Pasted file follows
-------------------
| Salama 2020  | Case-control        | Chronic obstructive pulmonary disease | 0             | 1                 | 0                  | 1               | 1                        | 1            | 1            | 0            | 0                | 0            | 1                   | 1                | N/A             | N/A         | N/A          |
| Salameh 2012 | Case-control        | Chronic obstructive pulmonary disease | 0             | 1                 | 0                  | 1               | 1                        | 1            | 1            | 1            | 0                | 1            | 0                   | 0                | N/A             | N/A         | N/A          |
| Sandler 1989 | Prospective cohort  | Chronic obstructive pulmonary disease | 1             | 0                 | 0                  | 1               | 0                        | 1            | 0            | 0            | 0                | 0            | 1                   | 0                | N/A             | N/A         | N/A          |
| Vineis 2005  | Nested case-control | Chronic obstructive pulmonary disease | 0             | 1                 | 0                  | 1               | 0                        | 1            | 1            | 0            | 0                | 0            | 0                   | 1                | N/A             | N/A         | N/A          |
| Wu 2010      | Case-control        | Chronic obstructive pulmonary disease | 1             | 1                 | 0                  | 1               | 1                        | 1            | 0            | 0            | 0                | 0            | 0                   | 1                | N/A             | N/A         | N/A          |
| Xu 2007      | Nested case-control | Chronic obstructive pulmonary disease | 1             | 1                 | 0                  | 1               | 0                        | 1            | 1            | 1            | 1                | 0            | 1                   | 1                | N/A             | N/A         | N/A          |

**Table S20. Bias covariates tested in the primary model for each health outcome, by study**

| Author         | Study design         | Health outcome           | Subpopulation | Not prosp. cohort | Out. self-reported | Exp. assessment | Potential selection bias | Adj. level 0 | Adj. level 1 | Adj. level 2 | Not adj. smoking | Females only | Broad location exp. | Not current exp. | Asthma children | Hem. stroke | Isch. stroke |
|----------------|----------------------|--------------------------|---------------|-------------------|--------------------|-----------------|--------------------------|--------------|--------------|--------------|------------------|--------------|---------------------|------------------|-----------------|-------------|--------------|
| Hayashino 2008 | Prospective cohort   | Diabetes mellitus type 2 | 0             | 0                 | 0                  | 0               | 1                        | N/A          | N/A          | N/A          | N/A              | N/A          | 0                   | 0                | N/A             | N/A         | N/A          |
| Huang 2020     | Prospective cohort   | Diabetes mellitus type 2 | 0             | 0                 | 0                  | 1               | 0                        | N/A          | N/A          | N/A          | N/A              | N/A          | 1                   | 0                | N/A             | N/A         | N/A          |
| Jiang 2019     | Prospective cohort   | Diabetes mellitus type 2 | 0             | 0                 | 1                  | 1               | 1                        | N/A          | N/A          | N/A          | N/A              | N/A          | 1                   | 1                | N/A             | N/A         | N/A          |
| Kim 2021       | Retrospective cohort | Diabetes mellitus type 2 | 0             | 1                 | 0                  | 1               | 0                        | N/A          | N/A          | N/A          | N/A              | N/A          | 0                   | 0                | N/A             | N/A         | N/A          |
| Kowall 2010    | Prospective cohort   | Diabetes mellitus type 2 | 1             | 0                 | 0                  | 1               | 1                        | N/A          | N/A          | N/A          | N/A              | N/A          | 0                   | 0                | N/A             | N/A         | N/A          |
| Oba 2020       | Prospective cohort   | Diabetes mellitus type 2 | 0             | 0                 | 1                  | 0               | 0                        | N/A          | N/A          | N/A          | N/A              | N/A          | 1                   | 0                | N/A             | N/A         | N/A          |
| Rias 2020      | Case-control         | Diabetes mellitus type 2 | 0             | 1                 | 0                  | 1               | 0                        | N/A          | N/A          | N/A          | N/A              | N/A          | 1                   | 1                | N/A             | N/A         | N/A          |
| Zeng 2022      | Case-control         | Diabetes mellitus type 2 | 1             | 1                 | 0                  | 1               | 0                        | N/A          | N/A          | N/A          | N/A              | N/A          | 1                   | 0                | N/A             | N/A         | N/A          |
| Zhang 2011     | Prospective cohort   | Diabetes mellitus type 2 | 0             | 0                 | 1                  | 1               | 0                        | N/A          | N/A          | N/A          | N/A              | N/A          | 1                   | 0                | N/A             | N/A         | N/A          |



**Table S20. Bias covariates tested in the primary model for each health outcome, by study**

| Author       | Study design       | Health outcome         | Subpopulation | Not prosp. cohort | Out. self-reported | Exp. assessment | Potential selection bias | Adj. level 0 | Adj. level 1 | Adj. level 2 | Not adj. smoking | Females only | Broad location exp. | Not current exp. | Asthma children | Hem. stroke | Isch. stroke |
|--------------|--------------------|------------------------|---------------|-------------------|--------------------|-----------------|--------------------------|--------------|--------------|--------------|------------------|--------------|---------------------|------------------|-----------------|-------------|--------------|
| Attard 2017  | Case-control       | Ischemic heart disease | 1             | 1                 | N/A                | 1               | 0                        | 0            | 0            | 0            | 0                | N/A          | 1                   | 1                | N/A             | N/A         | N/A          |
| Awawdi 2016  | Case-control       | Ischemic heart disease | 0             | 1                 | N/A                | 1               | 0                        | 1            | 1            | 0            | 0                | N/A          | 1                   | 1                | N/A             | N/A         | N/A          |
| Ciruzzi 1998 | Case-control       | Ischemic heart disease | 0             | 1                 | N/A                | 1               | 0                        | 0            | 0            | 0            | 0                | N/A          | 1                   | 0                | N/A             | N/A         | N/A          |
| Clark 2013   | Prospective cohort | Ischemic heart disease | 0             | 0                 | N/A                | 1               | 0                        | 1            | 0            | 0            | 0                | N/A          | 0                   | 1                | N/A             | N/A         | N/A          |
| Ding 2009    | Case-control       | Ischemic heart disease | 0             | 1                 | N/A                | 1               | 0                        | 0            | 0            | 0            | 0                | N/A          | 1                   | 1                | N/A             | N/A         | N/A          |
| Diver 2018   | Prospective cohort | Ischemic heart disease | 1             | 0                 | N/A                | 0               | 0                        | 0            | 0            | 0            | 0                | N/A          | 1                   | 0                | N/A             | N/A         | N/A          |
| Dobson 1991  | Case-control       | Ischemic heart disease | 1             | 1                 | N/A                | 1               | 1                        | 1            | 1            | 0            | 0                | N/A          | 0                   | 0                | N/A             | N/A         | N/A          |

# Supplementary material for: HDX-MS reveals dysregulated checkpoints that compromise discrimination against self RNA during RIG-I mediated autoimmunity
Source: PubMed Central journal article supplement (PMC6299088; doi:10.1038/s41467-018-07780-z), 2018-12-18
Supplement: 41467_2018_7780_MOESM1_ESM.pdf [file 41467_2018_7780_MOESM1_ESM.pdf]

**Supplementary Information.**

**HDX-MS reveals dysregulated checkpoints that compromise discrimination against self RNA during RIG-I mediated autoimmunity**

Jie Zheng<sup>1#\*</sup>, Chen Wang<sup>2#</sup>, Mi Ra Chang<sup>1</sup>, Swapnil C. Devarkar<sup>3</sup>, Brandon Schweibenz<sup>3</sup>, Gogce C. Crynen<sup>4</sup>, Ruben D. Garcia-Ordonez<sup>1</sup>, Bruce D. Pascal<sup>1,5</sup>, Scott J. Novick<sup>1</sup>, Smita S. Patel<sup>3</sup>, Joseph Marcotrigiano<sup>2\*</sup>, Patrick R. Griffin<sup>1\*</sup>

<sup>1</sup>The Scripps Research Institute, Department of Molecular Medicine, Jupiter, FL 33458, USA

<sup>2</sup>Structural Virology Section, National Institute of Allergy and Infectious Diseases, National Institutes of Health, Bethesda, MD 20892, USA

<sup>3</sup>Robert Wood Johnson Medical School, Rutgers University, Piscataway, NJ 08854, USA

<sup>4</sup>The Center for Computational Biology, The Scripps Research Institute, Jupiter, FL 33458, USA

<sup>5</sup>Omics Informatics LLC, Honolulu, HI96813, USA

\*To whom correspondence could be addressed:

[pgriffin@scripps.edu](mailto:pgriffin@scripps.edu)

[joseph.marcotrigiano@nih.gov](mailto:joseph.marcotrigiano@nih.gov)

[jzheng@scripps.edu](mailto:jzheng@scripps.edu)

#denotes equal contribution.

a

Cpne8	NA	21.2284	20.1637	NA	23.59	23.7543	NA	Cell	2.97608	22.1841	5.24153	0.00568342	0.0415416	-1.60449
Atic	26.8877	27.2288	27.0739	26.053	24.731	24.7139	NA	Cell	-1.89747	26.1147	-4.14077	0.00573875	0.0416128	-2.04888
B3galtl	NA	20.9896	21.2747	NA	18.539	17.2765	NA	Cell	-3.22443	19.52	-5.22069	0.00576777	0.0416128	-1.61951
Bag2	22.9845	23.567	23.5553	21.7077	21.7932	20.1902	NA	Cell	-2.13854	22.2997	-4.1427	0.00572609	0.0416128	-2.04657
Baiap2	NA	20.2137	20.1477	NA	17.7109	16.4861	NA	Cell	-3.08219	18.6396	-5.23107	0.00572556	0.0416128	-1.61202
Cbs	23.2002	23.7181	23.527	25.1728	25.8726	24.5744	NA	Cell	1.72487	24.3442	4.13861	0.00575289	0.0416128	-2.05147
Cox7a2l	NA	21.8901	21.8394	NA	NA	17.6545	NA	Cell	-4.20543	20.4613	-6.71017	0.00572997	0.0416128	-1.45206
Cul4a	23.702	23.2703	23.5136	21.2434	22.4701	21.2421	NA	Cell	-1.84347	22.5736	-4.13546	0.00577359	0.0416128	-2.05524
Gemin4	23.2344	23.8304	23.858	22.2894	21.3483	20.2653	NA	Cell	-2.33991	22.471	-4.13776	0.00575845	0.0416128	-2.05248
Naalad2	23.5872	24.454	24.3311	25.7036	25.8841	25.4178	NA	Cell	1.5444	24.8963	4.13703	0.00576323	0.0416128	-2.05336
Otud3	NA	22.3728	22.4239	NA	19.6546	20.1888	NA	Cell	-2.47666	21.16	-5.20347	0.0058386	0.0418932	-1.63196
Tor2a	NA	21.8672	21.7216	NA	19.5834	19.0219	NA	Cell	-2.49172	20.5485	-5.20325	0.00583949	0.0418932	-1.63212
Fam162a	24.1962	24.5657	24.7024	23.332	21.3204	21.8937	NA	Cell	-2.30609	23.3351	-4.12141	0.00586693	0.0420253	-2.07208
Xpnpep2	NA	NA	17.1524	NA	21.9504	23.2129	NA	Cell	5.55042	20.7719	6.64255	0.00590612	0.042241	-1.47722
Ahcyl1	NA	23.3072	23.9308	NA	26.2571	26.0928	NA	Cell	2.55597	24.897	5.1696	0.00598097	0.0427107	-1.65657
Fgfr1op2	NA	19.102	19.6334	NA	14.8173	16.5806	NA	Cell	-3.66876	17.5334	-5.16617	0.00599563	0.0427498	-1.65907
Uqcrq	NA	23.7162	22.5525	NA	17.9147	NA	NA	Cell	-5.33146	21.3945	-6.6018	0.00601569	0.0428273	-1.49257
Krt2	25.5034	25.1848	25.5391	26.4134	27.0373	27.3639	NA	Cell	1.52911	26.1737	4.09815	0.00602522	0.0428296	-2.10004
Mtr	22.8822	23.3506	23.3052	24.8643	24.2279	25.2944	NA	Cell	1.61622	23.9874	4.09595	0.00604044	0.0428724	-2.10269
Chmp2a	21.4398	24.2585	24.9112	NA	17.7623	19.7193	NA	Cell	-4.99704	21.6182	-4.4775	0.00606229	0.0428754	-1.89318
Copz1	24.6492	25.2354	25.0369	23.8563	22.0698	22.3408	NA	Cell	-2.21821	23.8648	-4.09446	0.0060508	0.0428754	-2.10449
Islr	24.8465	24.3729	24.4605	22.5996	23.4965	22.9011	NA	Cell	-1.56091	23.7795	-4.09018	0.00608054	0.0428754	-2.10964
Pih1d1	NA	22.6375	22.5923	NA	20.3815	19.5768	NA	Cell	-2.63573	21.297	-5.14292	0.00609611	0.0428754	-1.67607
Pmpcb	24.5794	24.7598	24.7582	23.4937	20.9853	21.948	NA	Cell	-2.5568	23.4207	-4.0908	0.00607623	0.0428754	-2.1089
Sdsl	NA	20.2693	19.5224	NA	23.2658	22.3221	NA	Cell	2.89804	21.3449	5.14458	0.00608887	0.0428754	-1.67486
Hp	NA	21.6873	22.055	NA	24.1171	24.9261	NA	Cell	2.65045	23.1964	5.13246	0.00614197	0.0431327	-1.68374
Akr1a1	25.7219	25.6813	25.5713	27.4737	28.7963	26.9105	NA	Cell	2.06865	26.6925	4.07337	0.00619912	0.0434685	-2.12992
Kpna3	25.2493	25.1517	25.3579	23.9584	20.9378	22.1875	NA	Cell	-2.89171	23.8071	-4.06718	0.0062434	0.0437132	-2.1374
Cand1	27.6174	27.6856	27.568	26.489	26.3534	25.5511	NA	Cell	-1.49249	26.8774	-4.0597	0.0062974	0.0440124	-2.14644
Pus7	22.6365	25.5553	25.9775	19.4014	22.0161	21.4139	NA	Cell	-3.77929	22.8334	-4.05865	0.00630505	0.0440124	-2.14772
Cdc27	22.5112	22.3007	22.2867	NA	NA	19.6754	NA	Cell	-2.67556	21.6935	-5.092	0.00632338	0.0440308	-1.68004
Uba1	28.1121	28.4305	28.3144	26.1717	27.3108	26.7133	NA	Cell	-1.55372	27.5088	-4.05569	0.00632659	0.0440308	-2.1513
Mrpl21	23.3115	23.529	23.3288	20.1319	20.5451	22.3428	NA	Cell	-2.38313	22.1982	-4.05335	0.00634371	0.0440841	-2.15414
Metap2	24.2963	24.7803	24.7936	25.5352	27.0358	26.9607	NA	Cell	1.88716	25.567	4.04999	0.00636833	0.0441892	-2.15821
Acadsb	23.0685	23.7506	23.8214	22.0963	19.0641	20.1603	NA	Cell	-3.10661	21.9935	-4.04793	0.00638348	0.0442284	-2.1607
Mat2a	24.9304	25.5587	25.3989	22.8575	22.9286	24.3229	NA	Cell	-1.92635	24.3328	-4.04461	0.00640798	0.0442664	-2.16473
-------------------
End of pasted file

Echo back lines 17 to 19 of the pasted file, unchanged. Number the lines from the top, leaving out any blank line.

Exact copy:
| Zeng 2022      | Case-control         | Diabetes mellitus type 2 | 1             | 1                 | 0                  | 1               | 0                        | N/A          | N/A          | N/A          | N/A              | N/A          | 1                   | 0                | N/A             | N/A         | N/A          |
| Zhang 2011     | Prospective cohort   | Diabetes mellitus type 2 | 0             | 0                 | 1                  | 1               | 0                        | N/A          | N/A          | N/A          | N/A              | N/A          | 1                   | 0                | N/A             | N/A         | N/A          |



**Table S20. Bias covariates tested in the primary model for each health outcome, by study**